Greece Gets Green Light, but Rough Road Ahead

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Out­look

Read­ing noth­ing g but the head­lines on Tues­day morn­ing, one might have as­sumed that the Greek gov­ern­ment’s re­form pro­pos­als — re­quired as part of a deal for a four­month ex­ten­sion of its bailout pack­age — had been met with open arms by the coun­try’s three ma­jor cred­i­tors. “Greece Wins Re­prieve as Euro Re­gion Backs Aid Ex­ten­sion,” wrote Bloomberg. “Every­body’s happy as Greece’s wish­list gets EU ap­proval,” For­tune said. “Greek bailout plan gets green light,” read CNBC.

That green light may have been more like a flash­ing yel­low, though. A close read­ing of let­ters sent to the Eu­rogroup Pres­i­dent and Dutch Fi­nance Min­is­ter Jeroen Di­js­sel­bloem by the In­ter­na­tional Mon­e­tary Fund and the Euro­pean Cen­tral Bank, as well as a state­ment from the Eu­rogroup it­self, sug­gest some­thing more like a con­di­tional ap­proval con­tin­gent on ad­di­tional changes to the Greek pro­pos­als. The three groups to­gether make up what is known as the “Troika” of cred­i­tors that has been dic­tat­ing terms to Greece for the past sev­eral years.

The Eu­rogroup, which is made up of the 19 fi­nance min­is­ters of the Euro­pean Union, did give its ap­proval to a four-month ex­ten­sion of the cur­rent pro­gram, agree­ing to con­tinue pro­vid­ing fi­nan­cial sup­port to Greece. The ex­ten­sion can­not be fi­nal­ized un­til the deal is ap­proved by the leg­is­la­tures of sev­eral Euro­pean coun­tries, in­clud­ing Ger­many, where public opin­ion is largely hos­tile to cut­ting the Greeks much slack more than five years into a se­ries of bailouts.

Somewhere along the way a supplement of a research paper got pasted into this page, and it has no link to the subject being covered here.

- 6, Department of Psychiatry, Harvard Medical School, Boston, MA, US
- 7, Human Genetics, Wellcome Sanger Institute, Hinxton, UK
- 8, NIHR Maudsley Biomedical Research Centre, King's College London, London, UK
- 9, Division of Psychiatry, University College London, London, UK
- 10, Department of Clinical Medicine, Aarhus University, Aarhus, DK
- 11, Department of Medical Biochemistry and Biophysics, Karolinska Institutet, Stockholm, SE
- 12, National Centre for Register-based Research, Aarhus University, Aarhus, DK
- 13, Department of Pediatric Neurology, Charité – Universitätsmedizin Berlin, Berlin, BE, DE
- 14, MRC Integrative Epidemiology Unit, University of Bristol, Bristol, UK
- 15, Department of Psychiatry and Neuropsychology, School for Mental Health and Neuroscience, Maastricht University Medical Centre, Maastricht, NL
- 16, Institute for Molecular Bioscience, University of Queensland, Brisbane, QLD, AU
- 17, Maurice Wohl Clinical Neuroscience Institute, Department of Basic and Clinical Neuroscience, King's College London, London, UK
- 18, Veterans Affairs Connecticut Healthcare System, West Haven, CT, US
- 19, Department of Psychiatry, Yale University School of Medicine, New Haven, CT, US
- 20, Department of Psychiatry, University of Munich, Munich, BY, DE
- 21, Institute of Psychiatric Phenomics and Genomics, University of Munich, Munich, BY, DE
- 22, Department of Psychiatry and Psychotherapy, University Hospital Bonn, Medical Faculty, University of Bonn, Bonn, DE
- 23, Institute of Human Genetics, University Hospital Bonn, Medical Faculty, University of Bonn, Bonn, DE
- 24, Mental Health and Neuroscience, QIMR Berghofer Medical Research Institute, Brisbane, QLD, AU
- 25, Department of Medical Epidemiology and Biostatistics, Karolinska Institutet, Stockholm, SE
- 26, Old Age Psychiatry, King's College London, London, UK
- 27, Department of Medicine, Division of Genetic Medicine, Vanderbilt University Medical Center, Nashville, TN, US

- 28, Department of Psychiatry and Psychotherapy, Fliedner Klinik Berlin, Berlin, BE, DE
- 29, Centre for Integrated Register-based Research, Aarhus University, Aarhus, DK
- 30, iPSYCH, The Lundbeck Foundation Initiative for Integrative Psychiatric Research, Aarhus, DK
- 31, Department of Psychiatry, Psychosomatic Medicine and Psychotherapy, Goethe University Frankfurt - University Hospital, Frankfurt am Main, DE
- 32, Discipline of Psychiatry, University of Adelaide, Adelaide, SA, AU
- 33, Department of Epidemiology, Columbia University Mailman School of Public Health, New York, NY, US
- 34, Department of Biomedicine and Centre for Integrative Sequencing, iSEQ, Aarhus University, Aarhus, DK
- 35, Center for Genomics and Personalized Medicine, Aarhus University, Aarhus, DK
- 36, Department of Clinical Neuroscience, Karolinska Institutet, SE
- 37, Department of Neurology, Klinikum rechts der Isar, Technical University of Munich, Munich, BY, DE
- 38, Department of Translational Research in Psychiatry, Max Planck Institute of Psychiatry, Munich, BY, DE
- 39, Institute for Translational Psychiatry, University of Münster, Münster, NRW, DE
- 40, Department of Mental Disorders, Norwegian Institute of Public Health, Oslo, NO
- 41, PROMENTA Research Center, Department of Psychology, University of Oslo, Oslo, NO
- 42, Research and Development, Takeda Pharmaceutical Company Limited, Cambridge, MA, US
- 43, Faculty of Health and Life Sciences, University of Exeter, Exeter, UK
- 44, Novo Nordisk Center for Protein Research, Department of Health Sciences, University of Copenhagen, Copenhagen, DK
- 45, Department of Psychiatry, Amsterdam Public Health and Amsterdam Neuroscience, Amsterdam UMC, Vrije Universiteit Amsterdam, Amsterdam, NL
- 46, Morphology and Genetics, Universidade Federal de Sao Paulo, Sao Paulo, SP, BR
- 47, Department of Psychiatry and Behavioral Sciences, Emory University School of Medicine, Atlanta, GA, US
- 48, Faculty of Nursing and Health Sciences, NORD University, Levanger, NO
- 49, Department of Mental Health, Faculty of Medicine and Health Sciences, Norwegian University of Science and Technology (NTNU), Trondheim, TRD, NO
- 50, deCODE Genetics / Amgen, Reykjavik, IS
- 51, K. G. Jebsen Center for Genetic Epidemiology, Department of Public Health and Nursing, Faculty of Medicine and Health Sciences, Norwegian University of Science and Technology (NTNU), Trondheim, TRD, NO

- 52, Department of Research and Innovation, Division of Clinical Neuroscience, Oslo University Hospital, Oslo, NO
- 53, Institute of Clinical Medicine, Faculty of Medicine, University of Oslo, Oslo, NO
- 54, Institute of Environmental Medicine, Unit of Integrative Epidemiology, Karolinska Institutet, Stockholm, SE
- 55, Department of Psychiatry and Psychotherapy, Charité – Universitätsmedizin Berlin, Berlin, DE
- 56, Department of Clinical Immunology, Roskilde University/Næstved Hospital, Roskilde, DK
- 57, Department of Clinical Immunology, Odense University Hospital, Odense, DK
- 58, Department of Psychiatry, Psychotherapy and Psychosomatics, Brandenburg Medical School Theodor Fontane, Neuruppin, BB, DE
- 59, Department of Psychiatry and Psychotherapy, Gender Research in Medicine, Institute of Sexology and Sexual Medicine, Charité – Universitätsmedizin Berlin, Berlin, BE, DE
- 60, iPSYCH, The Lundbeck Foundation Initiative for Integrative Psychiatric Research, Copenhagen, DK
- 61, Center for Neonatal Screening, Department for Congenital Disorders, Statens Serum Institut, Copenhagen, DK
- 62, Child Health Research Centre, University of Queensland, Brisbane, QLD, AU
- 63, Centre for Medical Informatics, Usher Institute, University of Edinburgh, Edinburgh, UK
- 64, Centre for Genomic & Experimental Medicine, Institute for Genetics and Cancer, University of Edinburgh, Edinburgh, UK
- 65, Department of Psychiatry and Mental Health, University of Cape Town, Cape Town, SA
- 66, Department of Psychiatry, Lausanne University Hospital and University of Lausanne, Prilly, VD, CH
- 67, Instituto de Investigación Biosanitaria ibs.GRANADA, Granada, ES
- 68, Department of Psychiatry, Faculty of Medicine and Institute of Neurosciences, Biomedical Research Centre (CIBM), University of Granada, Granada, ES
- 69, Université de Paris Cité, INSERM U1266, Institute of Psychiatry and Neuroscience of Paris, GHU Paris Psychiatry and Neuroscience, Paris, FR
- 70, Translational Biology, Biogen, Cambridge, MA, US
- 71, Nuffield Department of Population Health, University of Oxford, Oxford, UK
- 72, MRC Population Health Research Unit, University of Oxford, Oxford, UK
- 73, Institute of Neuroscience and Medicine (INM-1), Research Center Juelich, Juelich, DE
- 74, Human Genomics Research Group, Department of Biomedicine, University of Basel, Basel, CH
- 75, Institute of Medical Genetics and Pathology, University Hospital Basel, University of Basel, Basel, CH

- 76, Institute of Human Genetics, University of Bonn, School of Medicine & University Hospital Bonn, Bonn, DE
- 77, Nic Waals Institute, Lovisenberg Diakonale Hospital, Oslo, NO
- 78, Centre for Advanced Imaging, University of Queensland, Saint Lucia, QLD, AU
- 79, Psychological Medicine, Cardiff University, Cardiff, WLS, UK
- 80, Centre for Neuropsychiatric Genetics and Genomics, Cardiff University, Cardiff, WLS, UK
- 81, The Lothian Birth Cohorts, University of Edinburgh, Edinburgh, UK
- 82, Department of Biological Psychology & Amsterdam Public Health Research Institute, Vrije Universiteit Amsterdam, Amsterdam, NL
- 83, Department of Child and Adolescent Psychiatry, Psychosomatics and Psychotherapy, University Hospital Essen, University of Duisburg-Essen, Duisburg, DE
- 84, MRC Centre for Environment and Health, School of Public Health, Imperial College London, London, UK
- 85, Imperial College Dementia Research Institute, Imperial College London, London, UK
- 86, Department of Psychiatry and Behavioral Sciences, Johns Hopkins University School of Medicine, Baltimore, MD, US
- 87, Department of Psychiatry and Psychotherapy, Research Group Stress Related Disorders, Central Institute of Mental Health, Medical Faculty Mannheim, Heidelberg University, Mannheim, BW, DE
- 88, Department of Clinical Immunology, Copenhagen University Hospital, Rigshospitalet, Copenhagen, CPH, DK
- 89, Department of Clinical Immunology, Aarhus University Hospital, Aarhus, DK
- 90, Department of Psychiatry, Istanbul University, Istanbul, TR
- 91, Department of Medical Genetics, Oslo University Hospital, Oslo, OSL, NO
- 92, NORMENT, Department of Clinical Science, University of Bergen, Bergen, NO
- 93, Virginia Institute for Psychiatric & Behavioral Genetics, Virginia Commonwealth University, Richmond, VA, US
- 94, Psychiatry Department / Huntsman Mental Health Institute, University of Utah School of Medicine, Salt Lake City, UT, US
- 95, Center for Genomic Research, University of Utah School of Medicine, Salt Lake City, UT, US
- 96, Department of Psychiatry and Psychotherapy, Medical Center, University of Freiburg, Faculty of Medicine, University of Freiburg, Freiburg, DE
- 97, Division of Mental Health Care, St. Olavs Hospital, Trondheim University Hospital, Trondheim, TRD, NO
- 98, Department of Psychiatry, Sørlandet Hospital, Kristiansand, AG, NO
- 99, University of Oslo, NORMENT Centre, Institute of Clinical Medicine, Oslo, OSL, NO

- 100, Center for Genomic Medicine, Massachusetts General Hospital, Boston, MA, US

Skep­tics in Ger­many and else­where will have to look no far­ther than the Troika’s own as­sess­ment of the Greek plan for ammunition.

The newly elected Greek gov­ern­ment sub­mit­ted a pro­posal late on Mon­day out­lin­ing how it planned to meet the terms of its bailout agree­ment even as it eased some of the aus­ter­ity poli­cies that have caused sig­nif­i­cant hard­ship over the past sev­eral years. Greece still suf­fers from high un­em­ploy­ment and low eco­nomic growth, even as some other parts of the Euro­pean econ­omy have seen stronger re­cov­er­ies and, in some cases, ap­pear have be­gun grow­ing again.

The Eu­rogroup state­ment said that its mem­bers “con­sider this list of mea­sures to be suf­fi­ciently com­pre­hen­sive to be a valid start­ing point for a suc­cess­ful con­clu­sion of the re­view.” A few sen­tences later, though, it added, “We call on the Greek au­thor­i­ties to fur­ther de­velop and broaden the list of re­form mea­sures, based on the cur­rent ar­range­ment, in close co­or­di­na­tion with the in­sti­tu­tions in or­der to al­low for a speedy and suc­cess­ful con­clu­sion of the re­view.”

IMF Man­ag­ing Direc­tor Christine La­garde, in a let­ter to Di­js­sel­bloem, echoed the find­ing that the Greek pro­posal was “suf­fi­ciently com­pre­hen­sive to be a valid start­ing point,” but went on to note that the plan has sub­stan­tial prob­lems. “We note in par­tic­u­lar that there are nei­ther clear com­mit­ments to de­sign and im­ple­ment the en­vis­aged com­pre­hen­sive pen­sion and [val­ued-added tax] pol­icy re­forms nor un­equiv­o­cal un­der­tak­ings to con­tinue al­ready-agreed poli­cies for open­ing up closed sec­tors, for ad­min­is­tra­tive re­forms, for pri­va­ti­za­tion, and for la­bor mar­ket re­forms,” she wrote.

Euro­pean Cen­tral Bank Direc­tor Mario Draghi also agreed to the “suf­fi­ciently com­pre­hen­sive” lan­guage, but added, “[W]e will have to as­sess dur­ing the re­view whether mea­sures which are not ac­cepted by the au­thor­i­ties are re­placed with mea­sures of equal or bet­ter qual­ity in terms of achiev­ing the ob­jec­tives of the pro­gram.”

The ap­proval al­lows the process of ex­tend­ing the Greek bailout to move for­ward, but it is far from clear that Greece and its cred­i­tors have re­ally found a path to a last­ing deal.

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